The book includes: cyber spells by theme (love, health, joy), user-friendly techno-focals, cyber dedications, virtual visualizations, proactive computer conjurings, directions on how to make an online Book of Shadows, and much, much more.

This is interesting, because ‘user’ implies the use of a tool. But who are the users in a witchcraft world. It is interesting in the sense we can also see different kinds of language, like magic, technical, and spiritual, coming together here in these themes.

H: And there is proactive computer conjurings. I like this proactive aspect! (laughters) I hate it when I just happen to do a conjuring! But honestly, this may be a way of understanding how digital technologies work today: that you want to conjure something, you want to summon something, call something forth. That is why I go online, that is why I text something into my search machine. I want something to appear.

W: Yes, exactly, when we want to understand certain things – for example, as you said, using google. We don’t think of it so much as conjurings but we ARE expecting some sort of knowledge that we never expected before to enlighten us. It is that kind of moments that we are looking forward to. Like the search entries we use. They are the spells we cast in order to call for a mysterious world that we would like to know.

H: Yeah, and obviously, there is the whole next step. If you know how to code, that is really putting together a language to bring something forth. A system that others can use for conjurings as well. Then there’s the question of the other side of the ’proactive computer conjuring’ – who conjures us when we do a conjuring? That to me is the question ofsurveillance capitalism and of being monitored online. Your personal data being summoned by someone or something else.

W: Interestingly, I think proactive computer conjurings seem to suggest a one-directional act. But in todays’ world, especially if we think in terms of everything we do online, as soon as we start conjuring, we are being conjured. We leave a digital imprint that is immediately harvested and repurposed for other use.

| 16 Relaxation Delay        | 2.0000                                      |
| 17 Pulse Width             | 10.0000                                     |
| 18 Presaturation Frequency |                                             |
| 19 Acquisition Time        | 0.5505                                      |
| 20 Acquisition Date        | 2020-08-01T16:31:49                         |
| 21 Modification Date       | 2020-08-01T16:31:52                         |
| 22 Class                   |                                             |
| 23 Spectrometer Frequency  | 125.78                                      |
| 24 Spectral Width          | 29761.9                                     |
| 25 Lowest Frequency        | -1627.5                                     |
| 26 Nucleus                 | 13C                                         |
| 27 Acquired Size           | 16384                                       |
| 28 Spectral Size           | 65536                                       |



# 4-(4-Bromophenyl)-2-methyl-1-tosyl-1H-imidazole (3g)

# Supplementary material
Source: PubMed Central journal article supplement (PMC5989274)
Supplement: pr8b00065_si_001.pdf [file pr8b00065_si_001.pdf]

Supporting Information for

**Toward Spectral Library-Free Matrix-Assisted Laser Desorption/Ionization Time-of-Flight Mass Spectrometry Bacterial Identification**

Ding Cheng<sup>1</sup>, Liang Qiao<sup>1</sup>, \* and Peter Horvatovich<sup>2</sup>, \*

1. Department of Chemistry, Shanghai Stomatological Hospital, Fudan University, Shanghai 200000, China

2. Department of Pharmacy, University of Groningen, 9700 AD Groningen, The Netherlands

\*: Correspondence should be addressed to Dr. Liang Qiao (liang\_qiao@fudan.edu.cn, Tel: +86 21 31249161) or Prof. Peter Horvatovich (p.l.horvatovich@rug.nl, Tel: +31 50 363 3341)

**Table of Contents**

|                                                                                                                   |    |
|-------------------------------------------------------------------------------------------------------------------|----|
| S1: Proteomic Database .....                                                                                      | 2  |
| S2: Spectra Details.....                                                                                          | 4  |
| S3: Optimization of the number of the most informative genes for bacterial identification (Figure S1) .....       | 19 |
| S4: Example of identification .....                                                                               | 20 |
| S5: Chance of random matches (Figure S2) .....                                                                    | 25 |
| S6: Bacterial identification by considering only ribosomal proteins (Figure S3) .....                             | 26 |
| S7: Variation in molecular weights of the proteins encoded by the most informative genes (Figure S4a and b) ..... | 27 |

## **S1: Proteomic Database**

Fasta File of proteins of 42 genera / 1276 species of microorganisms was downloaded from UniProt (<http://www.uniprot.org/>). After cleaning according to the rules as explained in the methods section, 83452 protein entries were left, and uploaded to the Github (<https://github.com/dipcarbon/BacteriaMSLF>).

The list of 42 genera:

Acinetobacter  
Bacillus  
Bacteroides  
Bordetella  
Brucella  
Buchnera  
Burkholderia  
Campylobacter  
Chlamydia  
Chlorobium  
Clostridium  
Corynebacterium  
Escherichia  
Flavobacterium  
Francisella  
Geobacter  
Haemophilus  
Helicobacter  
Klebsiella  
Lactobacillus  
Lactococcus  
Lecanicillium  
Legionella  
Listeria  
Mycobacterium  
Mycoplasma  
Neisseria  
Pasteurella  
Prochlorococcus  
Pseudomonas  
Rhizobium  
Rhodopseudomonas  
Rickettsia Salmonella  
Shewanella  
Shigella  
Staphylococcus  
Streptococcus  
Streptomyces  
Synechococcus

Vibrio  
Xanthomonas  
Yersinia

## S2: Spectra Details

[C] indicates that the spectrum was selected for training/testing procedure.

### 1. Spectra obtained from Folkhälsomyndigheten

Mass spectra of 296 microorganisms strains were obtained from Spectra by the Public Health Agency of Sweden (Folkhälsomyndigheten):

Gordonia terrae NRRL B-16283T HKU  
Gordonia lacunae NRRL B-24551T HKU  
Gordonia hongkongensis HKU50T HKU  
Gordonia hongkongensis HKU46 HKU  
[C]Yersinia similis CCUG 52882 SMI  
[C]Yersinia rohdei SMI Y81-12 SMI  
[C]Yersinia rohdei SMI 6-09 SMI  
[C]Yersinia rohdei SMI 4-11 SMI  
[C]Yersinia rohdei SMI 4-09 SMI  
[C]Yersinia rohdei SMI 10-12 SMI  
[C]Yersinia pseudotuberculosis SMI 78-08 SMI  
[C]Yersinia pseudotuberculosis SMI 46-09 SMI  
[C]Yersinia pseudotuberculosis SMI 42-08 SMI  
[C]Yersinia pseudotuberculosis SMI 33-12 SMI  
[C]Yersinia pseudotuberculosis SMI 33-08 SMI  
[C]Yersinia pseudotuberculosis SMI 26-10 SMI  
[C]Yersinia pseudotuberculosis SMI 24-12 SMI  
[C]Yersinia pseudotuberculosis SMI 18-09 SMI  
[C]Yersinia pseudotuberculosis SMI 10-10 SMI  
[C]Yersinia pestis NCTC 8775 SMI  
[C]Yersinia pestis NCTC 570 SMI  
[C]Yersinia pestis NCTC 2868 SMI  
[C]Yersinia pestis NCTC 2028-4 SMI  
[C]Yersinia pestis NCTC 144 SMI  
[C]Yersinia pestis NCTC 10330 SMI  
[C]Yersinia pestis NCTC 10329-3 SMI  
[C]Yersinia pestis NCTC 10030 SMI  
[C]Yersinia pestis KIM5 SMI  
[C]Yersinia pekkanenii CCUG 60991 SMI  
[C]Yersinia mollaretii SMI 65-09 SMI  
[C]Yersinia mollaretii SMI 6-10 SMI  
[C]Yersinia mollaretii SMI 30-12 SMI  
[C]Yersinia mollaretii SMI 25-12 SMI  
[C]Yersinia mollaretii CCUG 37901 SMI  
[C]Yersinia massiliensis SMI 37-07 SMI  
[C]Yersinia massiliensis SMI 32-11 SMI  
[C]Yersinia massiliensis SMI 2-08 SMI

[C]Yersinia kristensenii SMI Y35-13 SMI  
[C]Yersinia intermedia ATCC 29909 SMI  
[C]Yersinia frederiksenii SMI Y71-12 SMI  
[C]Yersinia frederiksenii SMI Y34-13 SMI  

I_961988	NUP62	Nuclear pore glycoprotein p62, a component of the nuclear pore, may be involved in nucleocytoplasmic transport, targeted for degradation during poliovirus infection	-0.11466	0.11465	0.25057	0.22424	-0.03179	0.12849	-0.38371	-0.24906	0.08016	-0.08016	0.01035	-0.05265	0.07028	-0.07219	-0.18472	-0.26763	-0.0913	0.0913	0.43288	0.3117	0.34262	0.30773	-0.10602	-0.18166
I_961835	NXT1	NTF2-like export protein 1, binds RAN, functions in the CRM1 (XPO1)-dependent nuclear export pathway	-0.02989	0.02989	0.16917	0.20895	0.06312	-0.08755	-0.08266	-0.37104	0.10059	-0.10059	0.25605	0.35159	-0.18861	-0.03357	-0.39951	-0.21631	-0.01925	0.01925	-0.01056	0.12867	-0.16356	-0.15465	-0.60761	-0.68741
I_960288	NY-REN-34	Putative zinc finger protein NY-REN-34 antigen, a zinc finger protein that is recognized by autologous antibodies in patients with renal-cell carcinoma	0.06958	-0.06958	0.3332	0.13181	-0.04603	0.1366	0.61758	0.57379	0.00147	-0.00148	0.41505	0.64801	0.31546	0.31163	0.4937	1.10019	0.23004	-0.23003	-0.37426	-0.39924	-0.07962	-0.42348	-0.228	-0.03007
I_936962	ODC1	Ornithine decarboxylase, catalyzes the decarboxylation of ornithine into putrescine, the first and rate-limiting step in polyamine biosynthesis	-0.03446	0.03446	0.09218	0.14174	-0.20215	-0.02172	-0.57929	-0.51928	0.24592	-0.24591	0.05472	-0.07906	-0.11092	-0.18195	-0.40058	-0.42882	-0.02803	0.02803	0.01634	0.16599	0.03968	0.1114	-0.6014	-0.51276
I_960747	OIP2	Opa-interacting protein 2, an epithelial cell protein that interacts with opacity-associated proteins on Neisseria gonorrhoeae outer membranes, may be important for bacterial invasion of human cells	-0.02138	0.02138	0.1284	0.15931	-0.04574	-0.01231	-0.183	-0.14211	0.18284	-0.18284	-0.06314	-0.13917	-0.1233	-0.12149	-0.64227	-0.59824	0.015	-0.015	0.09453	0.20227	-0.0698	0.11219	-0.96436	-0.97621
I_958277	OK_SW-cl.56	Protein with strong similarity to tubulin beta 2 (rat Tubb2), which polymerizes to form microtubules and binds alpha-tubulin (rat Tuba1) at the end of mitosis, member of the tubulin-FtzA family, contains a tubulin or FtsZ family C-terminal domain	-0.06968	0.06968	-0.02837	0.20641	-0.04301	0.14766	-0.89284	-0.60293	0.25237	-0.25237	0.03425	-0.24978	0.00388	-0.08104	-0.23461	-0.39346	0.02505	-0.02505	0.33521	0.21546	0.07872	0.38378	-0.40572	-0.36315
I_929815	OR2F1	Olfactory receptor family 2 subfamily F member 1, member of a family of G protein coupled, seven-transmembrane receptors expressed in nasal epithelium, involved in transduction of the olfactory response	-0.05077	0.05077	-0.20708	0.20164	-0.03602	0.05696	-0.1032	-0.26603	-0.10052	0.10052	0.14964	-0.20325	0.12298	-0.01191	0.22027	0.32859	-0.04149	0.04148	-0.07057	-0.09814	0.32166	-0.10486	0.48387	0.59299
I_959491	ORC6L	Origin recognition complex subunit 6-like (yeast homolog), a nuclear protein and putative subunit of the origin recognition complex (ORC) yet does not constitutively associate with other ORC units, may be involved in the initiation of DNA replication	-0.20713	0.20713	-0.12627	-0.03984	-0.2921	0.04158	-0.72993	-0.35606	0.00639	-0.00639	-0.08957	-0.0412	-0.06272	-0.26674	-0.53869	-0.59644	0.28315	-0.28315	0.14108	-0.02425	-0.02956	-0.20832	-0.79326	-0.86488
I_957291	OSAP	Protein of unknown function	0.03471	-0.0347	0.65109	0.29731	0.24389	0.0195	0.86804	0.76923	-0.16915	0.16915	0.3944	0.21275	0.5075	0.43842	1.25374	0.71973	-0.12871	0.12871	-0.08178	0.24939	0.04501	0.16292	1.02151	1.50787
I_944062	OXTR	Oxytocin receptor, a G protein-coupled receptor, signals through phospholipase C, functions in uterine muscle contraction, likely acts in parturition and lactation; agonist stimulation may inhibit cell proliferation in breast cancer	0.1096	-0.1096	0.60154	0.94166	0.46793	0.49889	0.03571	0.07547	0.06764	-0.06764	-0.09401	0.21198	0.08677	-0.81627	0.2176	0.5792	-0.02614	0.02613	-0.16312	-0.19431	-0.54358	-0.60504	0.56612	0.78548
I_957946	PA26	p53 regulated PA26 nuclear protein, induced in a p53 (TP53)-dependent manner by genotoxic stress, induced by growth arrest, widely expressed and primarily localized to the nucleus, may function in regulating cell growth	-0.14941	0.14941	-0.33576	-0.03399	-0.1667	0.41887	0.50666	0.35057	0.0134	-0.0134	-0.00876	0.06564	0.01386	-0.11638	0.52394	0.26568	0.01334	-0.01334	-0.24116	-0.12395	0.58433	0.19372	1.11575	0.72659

H: I think there is definitely a price to pay for digital magic.

W: It is your sacrifice. This may sound cynical, that when you search something in google, they get a piece of you every time when you try to do something. The more you use it – your profile becomes more complete. And then based on that developing profile that approximates you, somebody else can cast a spell.

You can say all texts are spellbooks. All language are. Our academic papers are also spellbooks. We want to conjure a certain kind of reality that we believe in that is why we write these paper in the hope of somebody else read it and that reality would be called for and spread.

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Figure 2. The editorial reviews of the book

W: There is also something about the editorial reviews: there they have more concrete examples – I suppose from the book:

For example, a keyboard can represent “creative flow,” with the “delete” key an instrument for banishing and the “shift” key helping one shift between the ordinary and magickal worlds. 

This sentence reminds me of GDPR, for some reason the book reminds me a lot of how we use data today, or maybe it is just the way how I think. I mean a keyboard can represent a creative flow because you type and then again it is an instrument for one to cast spell. And then the delete key is like the infamous or famous the “rights to be forgotten”. And then the “shift” key, I don’t know so much about the shift key.

H: It moves things.

 

Part 2 has been conjured and shall arrive shortly.